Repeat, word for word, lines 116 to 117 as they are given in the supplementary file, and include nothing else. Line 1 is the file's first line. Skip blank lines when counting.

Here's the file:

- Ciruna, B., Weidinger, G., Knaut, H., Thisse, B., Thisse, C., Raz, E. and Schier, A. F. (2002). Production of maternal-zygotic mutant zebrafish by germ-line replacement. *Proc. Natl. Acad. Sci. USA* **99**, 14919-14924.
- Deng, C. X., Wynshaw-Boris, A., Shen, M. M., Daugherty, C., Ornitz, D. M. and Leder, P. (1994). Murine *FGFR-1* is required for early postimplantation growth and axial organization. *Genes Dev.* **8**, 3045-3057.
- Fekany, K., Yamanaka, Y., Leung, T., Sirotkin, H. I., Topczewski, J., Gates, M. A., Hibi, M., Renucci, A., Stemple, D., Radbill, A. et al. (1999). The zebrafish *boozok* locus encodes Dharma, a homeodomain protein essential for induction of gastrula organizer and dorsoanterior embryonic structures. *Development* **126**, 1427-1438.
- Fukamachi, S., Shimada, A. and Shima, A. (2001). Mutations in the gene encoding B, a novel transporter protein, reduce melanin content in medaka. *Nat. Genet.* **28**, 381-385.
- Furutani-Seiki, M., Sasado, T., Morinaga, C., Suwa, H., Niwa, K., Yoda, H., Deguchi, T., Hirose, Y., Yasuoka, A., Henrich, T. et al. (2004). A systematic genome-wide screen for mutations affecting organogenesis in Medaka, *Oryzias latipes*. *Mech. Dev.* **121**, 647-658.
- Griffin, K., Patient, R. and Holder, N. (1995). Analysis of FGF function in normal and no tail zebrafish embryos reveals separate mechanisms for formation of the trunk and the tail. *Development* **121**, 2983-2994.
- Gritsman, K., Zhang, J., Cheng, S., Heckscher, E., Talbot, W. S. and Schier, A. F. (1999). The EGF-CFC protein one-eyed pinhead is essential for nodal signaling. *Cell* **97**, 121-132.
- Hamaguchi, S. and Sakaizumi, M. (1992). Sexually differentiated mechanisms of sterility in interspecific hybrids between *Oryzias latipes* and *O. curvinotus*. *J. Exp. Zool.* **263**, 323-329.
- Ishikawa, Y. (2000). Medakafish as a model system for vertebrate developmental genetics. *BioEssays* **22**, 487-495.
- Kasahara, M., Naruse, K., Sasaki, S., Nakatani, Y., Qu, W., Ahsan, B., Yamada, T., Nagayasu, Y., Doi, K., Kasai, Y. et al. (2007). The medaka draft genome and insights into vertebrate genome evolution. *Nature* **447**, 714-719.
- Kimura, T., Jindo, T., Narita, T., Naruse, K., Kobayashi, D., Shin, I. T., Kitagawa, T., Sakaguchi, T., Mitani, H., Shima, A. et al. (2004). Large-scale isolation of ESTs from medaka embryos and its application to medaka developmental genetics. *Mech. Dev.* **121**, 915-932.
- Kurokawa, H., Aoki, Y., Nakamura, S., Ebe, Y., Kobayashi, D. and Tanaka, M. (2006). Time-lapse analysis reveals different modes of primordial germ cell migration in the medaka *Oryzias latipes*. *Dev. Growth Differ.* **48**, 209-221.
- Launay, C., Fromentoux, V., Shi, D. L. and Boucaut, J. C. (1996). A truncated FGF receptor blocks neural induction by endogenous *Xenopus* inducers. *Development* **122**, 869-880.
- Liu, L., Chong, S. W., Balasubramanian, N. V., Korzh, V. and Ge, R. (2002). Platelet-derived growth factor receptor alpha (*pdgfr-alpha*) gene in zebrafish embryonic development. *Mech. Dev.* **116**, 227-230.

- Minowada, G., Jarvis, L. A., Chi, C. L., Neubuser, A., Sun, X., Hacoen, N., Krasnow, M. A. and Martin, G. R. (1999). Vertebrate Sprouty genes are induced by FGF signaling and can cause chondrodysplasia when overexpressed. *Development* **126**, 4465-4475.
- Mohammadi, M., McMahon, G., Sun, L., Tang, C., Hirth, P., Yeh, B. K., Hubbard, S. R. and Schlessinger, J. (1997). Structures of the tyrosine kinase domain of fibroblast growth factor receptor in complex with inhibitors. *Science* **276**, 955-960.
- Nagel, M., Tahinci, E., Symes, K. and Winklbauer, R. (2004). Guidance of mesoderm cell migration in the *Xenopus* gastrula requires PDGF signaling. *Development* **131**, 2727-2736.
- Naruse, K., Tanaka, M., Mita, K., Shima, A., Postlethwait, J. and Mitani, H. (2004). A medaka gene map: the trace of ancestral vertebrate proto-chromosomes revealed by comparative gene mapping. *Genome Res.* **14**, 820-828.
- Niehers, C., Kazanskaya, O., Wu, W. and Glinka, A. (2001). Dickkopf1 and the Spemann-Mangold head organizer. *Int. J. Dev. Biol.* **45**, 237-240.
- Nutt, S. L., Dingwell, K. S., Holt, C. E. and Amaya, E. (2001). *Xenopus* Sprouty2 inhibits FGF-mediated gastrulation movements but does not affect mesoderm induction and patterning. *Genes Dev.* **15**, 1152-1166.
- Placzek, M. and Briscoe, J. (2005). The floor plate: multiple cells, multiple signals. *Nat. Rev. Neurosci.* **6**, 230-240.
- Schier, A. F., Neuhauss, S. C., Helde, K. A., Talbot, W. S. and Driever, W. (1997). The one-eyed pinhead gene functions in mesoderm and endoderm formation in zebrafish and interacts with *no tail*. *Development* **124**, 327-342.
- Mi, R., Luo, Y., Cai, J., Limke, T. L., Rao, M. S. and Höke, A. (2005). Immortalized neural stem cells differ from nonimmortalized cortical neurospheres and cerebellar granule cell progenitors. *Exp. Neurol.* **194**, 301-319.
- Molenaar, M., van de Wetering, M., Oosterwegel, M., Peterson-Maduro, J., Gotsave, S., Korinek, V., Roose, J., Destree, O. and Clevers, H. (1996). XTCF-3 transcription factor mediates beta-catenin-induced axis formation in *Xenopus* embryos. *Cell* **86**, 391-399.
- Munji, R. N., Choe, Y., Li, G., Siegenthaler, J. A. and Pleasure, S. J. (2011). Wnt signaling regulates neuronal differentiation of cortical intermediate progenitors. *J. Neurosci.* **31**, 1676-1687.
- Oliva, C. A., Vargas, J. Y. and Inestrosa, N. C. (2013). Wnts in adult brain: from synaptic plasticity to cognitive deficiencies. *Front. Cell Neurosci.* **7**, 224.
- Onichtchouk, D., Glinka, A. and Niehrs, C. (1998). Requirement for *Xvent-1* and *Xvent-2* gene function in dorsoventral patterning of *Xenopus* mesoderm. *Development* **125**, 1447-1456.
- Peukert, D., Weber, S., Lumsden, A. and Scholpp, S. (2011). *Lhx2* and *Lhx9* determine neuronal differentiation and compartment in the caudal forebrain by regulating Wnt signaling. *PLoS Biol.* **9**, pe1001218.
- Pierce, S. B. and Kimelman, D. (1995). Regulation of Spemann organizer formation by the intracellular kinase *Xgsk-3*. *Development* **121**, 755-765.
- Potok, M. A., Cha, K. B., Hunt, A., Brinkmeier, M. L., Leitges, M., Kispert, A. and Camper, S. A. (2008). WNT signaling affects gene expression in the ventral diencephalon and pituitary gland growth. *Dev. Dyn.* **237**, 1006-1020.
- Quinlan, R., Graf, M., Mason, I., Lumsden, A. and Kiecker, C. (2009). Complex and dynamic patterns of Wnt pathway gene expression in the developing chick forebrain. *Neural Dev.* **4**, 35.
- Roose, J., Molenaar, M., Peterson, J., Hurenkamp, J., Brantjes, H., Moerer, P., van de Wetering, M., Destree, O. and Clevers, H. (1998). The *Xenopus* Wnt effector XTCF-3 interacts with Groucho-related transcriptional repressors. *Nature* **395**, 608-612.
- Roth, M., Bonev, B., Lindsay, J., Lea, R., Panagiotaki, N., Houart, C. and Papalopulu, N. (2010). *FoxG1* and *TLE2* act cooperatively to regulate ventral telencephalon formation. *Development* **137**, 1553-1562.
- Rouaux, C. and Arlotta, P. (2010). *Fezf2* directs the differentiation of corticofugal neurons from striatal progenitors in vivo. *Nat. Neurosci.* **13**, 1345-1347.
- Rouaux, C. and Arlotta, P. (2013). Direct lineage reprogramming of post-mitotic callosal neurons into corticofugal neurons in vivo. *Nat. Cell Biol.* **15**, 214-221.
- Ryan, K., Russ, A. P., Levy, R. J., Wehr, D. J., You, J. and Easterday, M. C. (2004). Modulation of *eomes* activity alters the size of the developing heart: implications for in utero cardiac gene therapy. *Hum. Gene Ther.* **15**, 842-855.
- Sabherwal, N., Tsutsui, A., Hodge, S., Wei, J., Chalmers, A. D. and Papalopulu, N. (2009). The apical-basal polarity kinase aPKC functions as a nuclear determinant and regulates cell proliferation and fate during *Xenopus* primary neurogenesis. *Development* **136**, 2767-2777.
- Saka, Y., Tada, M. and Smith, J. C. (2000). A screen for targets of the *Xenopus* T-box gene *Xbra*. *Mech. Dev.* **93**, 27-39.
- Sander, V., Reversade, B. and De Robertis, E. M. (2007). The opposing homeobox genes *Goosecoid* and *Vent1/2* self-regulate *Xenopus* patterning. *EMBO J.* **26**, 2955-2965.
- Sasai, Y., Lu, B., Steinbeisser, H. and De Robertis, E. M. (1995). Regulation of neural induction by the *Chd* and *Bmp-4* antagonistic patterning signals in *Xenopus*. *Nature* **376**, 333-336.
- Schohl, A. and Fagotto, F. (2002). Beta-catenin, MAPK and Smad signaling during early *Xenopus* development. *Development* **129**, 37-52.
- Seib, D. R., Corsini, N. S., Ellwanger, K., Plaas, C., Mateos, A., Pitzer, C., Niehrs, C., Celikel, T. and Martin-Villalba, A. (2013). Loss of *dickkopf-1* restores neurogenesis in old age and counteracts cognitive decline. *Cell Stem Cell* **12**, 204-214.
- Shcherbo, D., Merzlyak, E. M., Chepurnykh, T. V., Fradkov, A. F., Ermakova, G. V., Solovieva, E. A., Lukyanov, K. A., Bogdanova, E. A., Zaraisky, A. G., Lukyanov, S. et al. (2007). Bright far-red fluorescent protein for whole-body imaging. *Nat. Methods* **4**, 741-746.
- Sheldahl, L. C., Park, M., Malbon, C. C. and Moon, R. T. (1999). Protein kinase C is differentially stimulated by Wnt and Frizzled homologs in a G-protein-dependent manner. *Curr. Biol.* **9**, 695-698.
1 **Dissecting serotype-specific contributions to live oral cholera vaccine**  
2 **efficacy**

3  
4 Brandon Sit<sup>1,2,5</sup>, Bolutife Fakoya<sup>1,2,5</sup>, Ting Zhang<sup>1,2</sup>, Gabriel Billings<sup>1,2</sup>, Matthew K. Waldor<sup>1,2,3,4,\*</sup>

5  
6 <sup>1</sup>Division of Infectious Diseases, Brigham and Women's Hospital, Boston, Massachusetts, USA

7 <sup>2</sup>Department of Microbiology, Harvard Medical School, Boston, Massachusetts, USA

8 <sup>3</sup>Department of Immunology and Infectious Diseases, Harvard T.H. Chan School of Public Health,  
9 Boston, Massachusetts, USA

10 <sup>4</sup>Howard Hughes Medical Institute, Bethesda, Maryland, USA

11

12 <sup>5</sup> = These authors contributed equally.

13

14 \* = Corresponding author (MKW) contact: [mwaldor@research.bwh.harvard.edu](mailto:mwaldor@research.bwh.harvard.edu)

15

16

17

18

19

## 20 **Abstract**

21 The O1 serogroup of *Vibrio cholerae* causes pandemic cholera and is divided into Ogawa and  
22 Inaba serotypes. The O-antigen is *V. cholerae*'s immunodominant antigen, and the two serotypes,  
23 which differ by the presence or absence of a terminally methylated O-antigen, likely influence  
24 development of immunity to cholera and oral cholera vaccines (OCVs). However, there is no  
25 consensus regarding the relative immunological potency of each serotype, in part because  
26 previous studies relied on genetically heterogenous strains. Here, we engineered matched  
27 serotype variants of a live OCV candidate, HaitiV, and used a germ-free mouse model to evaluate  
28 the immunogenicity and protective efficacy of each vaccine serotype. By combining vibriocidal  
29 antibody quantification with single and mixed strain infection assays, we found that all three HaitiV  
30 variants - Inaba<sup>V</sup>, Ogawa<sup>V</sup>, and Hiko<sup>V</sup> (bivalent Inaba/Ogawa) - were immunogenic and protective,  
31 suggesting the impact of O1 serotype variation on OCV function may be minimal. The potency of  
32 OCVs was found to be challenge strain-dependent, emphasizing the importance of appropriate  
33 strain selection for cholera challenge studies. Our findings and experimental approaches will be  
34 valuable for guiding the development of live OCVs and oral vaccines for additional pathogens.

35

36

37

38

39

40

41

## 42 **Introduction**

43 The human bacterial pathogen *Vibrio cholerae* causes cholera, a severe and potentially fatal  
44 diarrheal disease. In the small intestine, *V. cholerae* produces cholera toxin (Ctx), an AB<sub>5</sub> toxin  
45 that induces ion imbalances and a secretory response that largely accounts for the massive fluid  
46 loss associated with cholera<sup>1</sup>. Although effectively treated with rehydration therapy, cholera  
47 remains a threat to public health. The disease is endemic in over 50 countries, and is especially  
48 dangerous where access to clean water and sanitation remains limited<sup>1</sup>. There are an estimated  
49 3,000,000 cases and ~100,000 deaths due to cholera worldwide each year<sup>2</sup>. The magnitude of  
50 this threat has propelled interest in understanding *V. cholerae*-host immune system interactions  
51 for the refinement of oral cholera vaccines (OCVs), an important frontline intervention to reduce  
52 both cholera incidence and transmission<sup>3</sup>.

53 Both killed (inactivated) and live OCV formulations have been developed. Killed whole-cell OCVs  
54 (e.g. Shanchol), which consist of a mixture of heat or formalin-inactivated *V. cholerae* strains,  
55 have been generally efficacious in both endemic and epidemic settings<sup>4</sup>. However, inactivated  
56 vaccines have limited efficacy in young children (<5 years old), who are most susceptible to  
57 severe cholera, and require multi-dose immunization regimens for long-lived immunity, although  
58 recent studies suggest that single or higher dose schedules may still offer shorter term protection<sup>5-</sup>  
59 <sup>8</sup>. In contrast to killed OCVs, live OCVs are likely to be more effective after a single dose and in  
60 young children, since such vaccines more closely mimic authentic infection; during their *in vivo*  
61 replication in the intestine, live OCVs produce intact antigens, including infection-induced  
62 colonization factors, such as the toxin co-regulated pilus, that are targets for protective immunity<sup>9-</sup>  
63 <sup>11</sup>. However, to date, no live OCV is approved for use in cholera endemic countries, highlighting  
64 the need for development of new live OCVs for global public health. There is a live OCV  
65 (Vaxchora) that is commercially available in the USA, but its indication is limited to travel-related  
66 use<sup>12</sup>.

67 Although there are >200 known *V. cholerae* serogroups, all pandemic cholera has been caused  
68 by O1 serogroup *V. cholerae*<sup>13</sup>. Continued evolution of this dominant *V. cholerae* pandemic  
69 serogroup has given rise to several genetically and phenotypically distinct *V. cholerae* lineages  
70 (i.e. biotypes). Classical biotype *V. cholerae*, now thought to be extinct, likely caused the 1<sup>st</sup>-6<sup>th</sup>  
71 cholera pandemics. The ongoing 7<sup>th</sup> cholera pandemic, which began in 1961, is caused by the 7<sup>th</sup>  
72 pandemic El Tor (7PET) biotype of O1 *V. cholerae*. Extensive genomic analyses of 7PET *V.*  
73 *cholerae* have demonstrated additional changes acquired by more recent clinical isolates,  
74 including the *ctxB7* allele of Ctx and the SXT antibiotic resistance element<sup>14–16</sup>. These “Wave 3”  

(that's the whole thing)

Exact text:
72 pandemic El Tor (7PET) biotype of O1 *V. cholerae*. Extensive genomic analyses of 7PET *V.*  
73 *cholerae* have demonstrated additional changes acquired by more recent clinical isolates,  